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Why do cats raise their tails when you pet them? ...and other kitty curiosities.

Updated on May 9, 2011

Curious Cats

Revered for thousands of years for their companionship and their utility as exterminators, domestic cats are the most popular pets in the world. The ancient Egyptians considered cats to be sacred. This is evident in their art as well as the fact that they even mummified the remains of their cats. In 2004, a grave in Cyprus was discovered with both human and feline remains which dates our relationship with cats back some 9,500 years. Some believe that the Romans were responsible for introducing cats from Egypt to Europe. During the Age of Discovery, cats became sailors for both good luck and on-board pest control thus furthering their world domination. This "ship's cat" tradition has stood for centuries.

Cats have not always been cherished though. Throughout history, there have been many negative myths and superstitions surrounding cats. To some, cats are an omen of bad luck and that cats have "9 lives." During medieval times, cats were associated with witches which led to a mass extermination. Unfortunately, this meant that there were more rats which happened to carry the Black Plague.

The Endless Enigma

It often seems that there is more that we don't know about the enigmatic cat than what we do know. Perhaps that's the way that they would prefer it. They are very intelligent but fiercely independent creatures, generally having a mind of their own when it comes to getting them to do something we want them to do. There's even an old legend that the question mark
(?) symbol originated from a flippant cat strutting away from a farmer with its tail up, leaving the man to wonder what in the world is that cat thinking. You get the idea...

There is no doubt that domestic cats are full of curiosities, just as they are curious creatures themselves. So, why do cats do the things they do?

Why do cats purr?

Purring is widely accepted that it's an indication that the cat is content, however there are many theories offered to why this phenomenon occurs. Purring is not limited just to relaxation. Females purr when giving birth. Cats may purr when they are injured or sick which suggests that purring is an overall response to strong emotions. It may be a form of a mother cat to communicate with nursing kittens. Some argue that purring communicates submisiveness; they mean no harm and do not wish to be harmed. Others argue that it may release a hormone from the brain that helps the cat relax and alleviates pain. Even with all the reasons of why, the physical mechanism that causes purring is still a mystery.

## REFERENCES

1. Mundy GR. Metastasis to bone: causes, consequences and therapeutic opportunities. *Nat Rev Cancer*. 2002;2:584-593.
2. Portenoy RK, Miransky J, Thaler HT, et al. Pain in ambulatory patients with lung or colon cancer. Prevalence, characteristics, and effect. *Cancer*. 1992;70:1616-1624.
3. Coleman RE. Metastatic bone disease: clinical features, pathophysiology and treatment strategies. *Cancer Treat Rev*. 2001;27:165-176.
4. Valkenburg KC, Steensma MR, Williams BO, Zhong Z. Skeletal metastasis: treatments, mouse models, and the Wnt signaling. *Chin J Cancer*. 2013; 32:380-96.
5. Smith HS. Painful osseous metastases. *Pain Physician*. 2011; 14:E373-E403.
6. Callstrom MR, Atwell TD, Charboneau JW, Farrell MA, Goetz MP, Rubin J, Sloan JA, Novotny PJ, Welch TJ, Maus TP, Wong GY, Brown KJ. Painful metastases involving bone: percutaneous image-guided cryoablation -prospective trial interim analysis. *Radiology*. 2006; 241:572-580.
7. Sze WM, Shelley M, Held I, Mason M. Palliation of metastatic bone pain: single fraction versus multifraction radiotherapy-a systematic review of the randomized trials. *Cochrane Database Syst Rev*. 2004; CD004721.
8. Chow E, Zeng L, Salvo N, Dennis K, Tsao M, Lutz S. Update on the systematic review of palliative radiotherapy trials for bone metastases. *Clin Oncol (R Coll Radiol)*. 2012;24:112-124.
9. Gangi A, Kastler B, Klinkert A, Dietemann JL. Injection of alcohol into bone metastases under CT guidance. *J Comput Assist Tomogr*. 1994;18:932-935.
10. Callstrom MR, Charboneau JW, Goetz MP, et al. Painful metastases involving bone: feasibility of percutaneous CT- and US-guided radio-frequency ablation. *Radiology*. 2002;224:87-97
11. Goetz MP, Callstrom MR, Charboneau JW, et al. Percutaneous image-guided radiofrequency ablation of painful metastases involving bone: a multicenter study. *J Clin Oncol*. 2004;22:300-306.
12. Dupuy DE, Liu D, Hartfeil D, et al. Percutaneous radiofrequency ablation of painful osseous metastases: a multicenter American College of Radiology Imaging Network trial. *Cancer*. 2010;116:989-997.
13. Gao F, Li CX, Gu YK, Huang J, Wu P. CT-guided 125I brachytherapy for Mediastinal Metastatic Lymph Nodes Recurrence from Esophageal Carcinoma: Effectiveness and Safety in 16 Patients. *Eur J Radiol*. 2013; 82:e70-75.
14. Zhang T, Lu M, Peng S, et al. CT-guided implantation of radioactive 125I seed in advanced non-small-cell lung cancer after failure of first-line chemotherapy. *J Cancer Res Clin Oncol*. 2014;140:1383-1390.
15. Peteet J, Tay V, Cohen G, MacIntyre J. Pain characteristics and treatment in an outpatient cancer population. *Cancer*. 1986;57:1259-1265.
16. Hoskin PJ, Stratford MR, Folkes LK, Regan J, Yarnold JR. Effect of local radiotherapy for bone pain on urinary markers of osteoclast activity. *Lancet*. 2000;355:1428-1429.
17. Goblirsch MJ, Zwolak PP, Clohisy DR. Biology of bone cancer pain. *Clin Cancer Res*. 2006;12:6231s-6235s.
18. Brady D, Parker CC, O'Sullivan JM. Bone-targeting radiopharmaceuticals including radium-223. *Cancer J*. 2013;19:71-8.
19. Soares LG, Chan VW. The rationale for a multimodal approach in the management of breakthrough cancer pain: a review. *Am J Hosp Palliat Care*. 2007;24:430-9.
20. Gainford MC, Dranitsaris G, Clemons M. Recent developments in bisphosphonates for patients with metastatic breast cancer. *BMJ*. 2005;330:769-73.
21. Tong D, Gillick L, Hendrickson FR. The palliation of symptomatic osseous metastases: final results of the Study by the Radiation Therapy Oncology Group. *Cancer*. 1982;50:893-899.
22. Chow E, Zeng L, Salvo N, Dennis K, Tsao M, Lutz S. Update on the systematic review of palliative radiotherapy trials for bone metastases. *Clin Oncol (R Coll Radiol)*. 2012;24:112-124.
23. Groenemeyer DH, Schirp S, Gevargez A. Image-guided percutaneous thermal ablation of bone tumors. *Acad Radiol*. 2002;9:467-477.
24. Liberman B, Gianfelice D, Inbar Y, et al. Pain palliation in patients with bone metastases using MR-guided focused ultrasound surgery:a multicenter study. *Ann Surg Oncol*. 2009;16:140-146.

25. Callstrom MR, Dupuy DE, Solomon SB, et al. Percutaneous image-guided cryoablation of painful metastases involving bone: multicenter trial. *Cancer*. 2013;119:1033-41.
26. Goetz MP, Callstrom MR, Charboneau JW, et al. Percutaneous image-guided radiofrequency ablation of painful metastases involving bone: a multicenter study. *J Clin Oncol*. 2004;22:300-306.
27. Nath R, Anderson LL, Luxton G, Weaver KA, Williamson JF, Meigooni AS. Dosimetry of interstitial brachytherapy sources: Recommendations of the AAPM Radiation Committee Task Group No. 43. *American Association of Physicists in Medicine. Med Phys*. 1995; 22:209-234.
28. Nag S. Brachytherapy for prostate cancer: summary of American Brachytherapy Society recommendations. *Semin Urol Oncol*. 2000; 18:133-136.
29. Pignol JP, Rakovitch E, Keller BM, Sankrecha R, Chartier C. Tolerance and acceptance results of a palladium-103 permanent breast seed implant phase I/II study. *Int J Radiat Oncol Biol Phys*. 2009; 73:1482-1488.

Making Biscuits

Along with purring, kneading is another one of 9 live's great mysteries. Kneading often accompanies purring and is a consistent behavior before cats go to sleep. It's a common belief that kneading, along with suckling, indicates that a kitten was weaned too early. While kneading may occur because of premature weaning, almost all house cats knead. Some suggest that it is an inherited instinct from their wild ancestors to knock down grass as a form of nesting. Others believe that cats adopt a "security blanket" whether it's a lap, pillow or blanket. It will always be soft and the kneading may be marking it as theirs since they have scent glands in their paws.

What's with all the rubbing, scratching and grooming?

You may notice that cats rub against inanimate objects in a seemingly affectionate manner as they do with our ankles. They are spreading their scent more than they are spreading the love, staking what's theirs, human or territory. Along with paws, they have scent glands around their mouth and tail.

While it may seem that a cat scratching on a post, tree or... furniture is to sharpen its claws, it's actually both grooming and marking territory. This keeps the claws trimmed and clean and removes any dead outer layers from the claws as well as leaving scent from the paws.

Cats are among the most fastidious groomers in the animal kingdom. One of the first things a kitten learns is the constant grooming from the mother. Cats share the affection with their human companions as well, which can be a little unsettling knowing that they leave no corner untouched. The "sandpaper" tongue acts as a brush of sorts to keep tangles out of their fur.

Why do small dead animals keep appearing at the door?

Anyone that has an outdoor cat has probably found a dead mouse, bird or lizard etc. by their door. There are different theories to this behavior but the most accepted one is that your cat is bringing you a peace offering or sharing their catch with you. You provide for them so they are doing the same for you. Others suggest that since cats see us as inferior hunters and therefore are teaching us how to hunt. Either way, it's a good gesture on their behalf. Everyone would probably agree that cats do believe that they are superior beings though.

Cat Nap

One of the favorite past times of cats is sleeping. On average, cats sleep twice as much as humans: upwards of 16 hours or more a day. Indoor cats tend to sleep more than outdoor cats. By nature, cats are hunters so they are most active at dusk and dawn when the animals they hunt are also active. This pattern is known as crepuscular and can vary with indoor cats. Cats experience Rapid Eye Movement (REM) and deep sleep phases however they can't really tell us if they are dreaming of canaries, mice and mackeral. Along with their extended sleep cycles, cats do take short naps which are not unlike our power naps.